One of the first decisions made by new entrepreneurs is “What should I say to my business?” Most product equity is built around the business name, so it is important to protect that valuable asset for sale. During the presentation to the financial experts, I discussed the trademarks against registered trademarks and the differences in protection and peace of mind they offer. I believe the more information I share can help you as well, as you explore your options for protecting your business name. So, lets us know more about Registered Name Vs Trademark.
Let’s start with the basics
Business Name – That’s the name of the business. The name the company calls itself and the public is aware of it. Trademark – As defined by the U.S. ” A trademark may also be a combination of the above-mentioned items, such as the logo associated with the business name.
Business Name Basics
If a company with a fixed liability (LLC) or C corporation use registration as a business in the state, the business name automatically acquires protection in that case after the country has approved corporate articles (LLC) or business articles (organization). The state will not allow other LLCs or organizations to use the registered name in their area.
The laws of the countries have different guidelines on how a name should be different from other business names. The purpose of limiting the use of the same name is to reduce the same misleading business names from causing confusion in the marketplace and creating unfair competition. Some provinces will allow the same or closer names if the businesses they use are in different industries or provide very different services and products.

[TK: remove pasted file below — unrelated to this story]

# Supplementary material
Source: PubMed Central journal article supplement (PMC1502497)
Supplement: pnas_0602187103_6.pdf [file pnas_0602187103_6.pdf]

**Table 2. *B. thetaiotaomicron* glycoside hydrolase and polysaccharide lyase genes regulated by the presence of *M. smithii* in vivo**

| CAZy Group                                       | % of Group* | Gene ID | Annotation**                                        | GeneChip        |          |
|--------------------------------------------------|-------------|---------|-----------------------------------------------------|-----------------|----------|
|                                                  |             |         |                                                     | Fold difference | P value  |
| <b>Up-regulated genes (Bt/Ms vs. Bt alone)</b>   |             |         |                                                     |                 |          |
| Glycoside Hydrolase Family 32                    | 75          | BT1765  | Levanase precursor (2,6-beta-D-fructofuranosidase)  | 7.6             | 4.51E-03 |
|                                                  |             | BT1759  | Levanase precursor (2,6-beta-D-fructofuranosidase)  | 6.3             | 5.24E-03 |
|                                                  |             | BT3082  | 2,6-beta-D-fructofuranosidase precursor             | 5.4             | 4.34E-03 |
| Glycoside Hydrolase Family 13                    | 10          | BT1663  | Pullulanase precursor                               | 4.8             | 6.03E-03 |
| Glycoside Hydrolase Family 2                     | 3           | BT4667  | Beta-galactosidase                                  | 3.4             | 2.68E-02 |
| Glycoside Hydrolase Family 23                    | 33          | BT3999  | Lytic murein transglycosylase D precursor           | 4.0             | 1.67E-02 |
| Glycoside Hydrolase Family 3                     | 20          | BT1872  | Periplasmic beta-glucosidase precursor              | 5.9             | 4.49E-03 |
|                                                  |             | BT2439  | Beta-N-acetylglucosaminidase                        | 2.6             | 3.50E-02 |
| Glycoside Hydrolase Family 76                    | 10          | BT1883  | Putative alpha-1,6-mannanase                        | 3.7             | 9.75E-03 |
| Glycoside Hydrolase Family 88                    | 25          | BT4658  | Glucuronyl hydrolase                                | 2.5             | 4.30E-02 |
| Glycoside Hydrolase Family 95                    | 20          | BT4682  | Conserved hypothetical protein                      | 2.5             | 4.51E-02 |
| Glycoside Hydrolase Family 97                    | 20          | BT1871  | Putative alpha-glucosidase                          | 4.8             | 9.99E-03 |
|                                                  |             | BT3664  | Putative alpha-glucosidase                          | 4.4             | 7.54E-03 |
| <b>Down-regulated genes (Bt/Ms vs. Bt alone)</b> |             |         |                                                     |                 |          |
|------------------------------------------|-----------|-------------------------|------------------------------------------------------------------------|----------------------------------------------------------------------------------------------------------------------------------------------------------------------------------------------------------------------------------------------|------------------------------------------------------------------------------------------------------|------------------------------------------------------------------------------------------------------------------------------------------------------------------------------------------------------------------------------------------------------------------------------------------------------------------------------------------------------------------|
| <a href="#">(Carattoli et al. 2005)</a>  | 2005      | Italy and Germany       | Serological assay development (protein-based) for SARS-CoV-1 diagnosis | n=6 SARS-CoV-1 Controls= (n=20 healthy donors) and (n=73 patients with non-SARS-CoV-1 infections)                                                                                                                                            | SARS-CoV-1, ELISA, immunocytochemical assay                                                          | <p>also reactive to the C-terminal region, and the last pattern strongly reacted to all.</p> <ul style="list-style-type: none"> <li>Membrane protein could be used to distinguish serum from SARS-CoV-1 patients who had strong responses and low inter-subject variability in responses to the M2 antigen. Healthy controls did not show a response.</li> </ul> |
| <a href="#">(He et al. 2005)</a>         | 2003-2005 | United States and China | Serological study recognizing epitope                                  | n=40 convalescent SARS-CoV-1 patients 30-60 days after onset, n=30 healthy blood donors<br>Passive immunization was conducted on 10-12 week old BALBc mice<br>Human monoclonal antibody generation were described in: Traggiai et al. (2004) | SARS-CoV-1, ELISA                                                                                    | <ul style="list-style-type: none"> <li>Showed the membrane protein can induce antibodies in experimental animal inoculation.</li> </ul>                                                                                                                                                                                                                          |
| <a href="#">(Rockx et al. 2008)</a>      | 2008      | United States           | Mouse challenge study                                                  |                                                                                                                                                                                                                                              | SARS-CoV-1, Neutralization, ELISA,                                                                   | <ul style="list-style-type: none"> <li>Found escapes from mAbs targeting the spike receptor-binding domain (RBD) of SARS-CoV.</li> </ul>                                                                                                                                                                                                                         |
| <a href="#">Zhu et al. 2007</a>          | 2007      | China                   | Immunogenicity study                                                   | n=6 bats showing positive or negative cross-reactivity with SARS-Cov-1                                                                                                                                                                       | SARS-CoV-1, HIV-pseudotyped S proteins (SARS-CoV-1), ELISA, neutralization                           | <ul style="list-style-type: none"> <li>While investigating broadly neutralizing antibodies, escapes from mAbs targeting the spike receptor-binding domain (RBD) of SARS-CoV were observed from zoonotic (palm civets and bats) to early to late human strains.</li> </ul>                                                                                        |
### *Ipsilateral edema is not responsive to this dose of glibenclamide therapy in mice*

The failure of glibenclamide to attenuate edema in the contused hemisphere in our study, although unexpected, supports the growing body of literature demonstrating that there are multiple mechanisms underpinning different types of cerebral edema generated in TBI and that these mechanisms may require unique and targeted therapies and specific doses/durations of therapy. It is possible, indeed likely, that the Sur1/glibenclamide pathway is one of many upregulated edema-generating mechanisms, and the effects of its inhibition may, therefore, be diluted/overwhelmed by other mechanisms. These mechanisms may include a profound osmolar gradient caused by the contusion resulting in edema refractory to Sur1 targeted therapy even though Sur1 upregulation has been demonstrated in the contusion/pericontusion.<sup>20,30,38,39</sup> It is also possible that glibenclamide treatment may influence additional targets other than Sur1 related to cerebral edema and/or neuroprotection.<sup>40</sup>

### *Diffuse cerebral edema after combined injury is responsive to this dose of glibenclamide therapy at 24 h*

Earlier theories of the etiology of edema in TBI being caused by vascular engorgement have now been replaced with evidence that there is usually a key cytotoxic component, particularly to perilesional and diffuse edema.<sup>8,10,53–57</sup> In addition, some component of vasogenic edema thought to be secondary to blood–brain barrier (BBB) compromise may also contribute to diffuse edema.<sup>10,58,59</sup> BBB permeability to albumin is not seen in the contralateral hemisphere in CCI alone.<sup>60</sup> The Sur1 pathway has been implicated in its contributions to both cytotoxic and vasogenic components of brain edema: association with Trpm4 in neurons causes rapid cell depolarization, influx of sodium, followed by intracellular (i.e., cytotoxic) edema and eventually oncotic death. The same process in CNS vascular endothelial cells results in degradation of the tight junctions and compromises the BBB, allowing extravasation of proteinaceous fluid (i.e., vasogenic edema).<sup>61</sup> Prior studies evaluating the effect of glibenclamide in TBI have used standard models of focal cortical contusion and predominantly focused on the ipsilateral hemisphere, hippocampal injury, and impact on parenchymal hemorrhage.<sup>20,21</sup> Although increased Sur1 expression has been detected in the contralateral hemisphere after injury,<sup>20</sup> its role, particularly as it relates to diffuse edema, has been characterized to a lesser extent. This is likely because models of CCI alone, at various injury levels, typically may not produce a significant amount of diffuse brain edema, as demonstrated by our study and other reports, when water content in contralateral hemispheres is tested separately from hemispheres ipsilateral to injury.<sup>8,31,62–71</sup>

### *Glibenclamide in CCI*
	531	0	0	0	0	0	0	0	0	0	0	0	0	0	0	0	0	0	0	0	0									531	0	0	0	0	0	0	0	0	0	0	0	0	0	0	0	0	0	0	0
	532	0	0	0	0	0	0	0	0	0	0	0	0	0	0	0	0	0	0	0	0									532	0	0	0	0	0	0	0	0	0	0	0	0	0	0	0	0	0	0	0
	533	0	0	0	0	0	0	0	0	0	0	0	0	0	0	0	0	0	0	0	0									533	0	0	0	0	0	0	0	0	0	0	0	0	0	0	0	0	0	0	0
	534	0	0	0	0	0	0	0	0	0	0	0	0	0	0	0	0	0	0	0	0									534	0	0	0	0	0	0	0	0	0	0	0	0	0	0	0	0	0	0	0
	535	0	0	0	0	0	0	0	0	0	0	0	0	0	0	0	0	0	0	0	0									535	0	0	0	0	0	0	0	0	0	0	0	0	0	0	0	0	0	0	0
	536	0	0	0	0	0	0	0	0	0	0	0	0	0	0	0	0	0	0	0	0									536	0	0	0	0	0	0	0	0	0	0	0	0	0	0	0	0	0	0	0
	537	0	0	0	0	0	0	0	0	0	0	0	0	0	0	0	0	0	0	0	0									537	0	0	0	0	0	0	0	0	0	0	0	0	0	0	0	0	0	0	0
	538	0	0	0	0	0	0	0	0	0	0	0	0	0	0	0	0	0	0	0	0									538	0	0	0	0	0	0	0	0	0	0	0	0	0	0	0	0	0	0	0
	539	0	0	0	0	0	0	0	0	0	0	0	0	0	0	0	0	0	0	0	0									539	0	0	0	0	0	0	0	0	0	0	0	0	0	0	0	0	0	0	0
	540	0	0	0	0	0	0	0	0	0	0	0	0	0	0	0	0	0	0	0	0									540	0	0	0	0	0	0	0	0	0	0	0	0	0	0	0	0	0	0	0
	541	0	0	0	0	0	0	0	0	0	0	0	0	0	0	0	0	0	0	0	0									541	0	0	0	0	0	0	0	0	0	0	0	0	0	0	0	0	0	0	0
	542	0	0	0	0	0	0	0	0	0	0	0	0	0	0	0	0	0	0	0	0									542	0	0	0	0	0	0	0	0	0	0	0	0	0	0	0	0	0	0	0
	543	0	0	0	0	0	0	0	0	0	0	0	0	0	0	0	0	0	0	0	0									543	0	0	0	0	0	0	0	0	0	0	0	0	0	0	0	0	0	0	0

Business Name Limits
Remember that registering a business only prohibits other LLCs and companies from using the business name. Sole proprietorships and government partnerships may use the name legally and even include it as a DBA (false name); they simply will not be allowed to form an organization or LLC under the name. Similarly, the exact name of the LLC cannot be used by another LLC in the province. However, the company may be allowed to use the name.
Also, protecting the name of a business name does not prevent another business from establishing or establishing an LLC; using the name in the provinces where the existing business owners have not registered their company.
Here is an example to consider:
Suppose Jane registered Epiphany Salon with Day Spa, LLC in Ohio. The state will not allow another LLC to register that name directly on its site.
However, John can register Epiphany Salon with Day Spa, Inc. in Ohio; and Debbie can register Epiphany Salon with Day Spa, LLC in Kentucky.
Six Steps to Registering a Business Name
Understand Business Name Limits
Each country has its own set of rules regarding what is allowed and what is not allowed in business names.